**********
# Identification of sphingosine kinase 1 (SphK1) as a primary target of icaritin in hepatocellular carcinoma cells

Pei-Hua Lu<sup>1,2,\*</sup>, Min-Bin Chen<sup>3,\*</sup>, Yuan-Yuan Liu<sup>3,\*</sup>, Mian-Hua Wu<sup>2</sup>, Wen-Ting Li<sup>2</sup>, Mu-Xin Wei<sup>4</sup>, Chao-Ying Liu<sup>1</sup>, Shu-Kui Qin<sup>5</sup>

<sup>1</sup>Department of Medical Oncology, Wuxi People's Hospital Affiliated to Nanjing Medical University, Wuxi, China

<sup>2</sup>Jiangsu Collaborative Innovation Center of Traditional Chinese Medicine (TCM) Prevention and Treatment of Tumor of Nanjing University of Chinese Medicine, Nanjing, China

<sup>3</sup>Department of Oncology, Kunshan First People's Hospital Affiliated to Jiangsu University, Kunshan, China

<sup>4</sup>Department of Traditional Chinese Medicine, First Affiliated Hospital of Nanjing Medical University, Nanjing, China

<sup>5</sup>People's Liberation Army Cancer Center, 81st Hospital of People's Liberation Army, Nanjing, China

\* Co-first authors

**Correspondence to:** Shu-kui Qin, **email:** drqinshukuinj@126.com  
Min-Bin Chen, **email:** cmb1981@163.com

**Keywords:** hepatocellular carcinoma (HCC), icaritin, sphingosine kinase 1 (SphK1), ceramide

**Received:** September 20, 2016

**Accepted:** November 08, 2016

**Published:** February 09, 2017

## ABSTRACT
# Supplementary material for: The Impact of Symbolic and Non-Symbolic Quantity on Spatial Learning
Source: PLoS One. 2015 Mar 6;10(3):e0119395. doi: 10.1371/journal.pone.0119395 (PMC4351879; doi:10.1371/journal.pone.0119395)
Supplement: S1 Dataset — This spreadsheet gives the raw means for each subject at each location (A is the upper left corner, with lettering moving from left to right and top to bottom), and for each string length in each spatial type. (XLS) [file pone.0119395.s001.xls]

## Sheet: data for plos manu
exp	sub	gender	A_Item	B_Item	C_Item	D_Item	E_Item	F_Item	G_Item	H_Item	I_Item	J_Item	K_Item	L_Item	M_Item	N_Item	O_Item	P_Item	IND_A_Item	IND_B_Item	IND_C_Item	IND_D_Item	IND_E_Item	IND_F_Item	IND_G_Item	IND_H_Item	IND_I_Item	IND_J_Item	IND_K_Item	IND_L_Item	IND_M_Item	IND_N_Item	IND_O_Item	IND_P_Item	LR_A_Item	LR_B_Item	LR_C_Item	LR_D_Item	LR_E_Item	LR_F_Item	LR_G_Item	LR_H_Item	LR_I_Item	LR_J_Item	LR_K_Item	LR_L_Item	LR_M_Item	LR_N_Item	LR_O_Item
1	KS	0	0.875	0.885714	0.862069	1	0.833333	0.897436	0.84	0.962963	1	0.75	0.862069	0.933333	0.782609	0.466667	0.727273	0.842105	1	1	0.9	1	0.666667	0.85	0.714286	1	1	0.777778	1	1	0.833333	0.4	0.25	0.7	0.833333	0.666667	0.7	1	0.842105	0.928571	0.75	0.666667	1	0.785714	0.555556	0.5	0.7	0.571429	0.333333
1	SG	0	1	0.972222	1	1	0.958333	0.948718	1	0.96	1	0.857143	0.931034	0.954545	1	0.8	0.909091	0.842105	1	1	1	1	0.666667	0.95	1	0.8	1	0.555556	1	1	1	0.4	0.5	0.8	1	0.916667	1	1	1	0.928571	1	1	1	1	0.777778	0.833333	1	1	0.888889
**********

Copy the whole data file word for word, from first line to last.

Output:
# Identification of sphingosine kinase 1 (SphK1) as a primary target of icaritin in hepatocellular carcinoma cells

Pei-Hua Lu<sup>1,2,\*</sup>, Min-Bin Chen<sup>3,\*</sup>, Yuan-Yuan Liu<sup>3,\*</sup>, Mian-Hua Wu<sup>2</sup>, Wen-Ting Li<sup>2</sup>, Mu-Xin Wei<sup>4</sup>, Chao-Ying Liu<sup>1</sup>, Shu-Kui Qin<sup>5</sup>

<sup>1</sup>Department of Medical Oncology, Wuxi People's Hospital Affiliated to Nanjing Medical University, Wuxi, China

<sup>2</sup>Jiangsu Collaborative Innovation Center of Traditional Chinese Medicine (TCM) Prevention and Treatment of Tumor of Nanjing University of Chinese Medicine, Nanjing, China

<sup>3</sup>Department of Oncology, Kunshan First People's Hospital Affiliated to Jiangsu University, Kunshan, China

<sup>4</sup>Department of Traditional Chinese Medicine, First Affiliated Hospital of Nanjing Medical University, Nanjing, China

<sup>5</sup>People's Liberation Army Cancer Center, 81st Hospital of People's Liberation Army, Nanjing, China

\* Co-first authors

**Correspondence to:** Shu-kui Qin, **email:** drqinshukuinj@126.com  
Min-Bin Chen, **email:** cmb1981@163.com

**Keywords:** hepatocellular carcinoma (HCC), icaritin, sphingosine kinase 1 (SphK1), ceramide

**Received:** September 20, 2016

**Accepted:** November 08, 2016

**Published:** February 09, 2017

## ABSTRACT
# Supplementary material for: The Impact of Symbolic and Non-Symbolic Quantity on Spatial Learning
Source: PLoS One. 2015 Mar 6;10(3):e0119395. doi: 10.1371/journal.pone.0119395 (PMC4351879; doi:10.1371/journal.pone.0119395)
Supplement: S1 Dataset — This spreadsheet gives the raw means for each subject at each location (A is the upper left corner, with lettering moving from left to right and top to bottom), and for each string length in each spatial type. (XLS) [file pone.0119395.s001.xls]

## Sheet: data for plos manu
exp	sub	gender	A_Item	B_Item	C_Item	D_Item	E_Item	F_Item	G_Item	H_Item	I_Item	J_Item	K_Item	L_Item	M_Item	N_Item	O_Item	P_Item	IND_A_Item	IND_B_Item	IND_C_Item	IND_D_Item	IND_E_Item	IND_F_Item	IND_G_Item	IND_H_Item	IND_I_Item	IND_J_Item	IND_K_Item	IND_L_Item	IND_M_Item	IND_N_Item	IND_O_Item	IND_P_Item	LR_A_Item	LR_B_Item	LR_C_Item	LR_D_Item	LR_E_Item	LR_F_Item	LR_G_Item	LR_H_Item	LR_I_Item	LR_J_Item	LR_K_Item	LR_L_Item	LR_M_Item	LR_N_Item	LR_O_Item
1	KS	0	0.875	0.885714	0.862069	1	0.833333	0.897436	0.84	0.962963	1	0.75	0.862069	0.933333	0.782609	0.466667	0.727273	0.842105	1	1	0.9	1	0.666667	0.85	0.714286	1	1	0.777778	1	1	0.833333	0.4	0.25	0.7	0.833333	0.666667	0.7	1	0.842105	0.928571	0.75	0.666667	1	0.785714	0.555556	0.5	0.7	0.571429	0.333333
1	SG	0	1	0.972222	1	1	0.958333	0.948718	1	0.96	1	0.857143	0.931034	0.954545	1	0.8	0.909091	0.842105	1	1	1	1	0.666667	0.95	1	0.8	1	0.555556	1	1	1	0.4	0.5	0.8	1	0.916667	1	1	1	0.928571	1	1	1	1	0.777778	0.833333	1	1	0.888889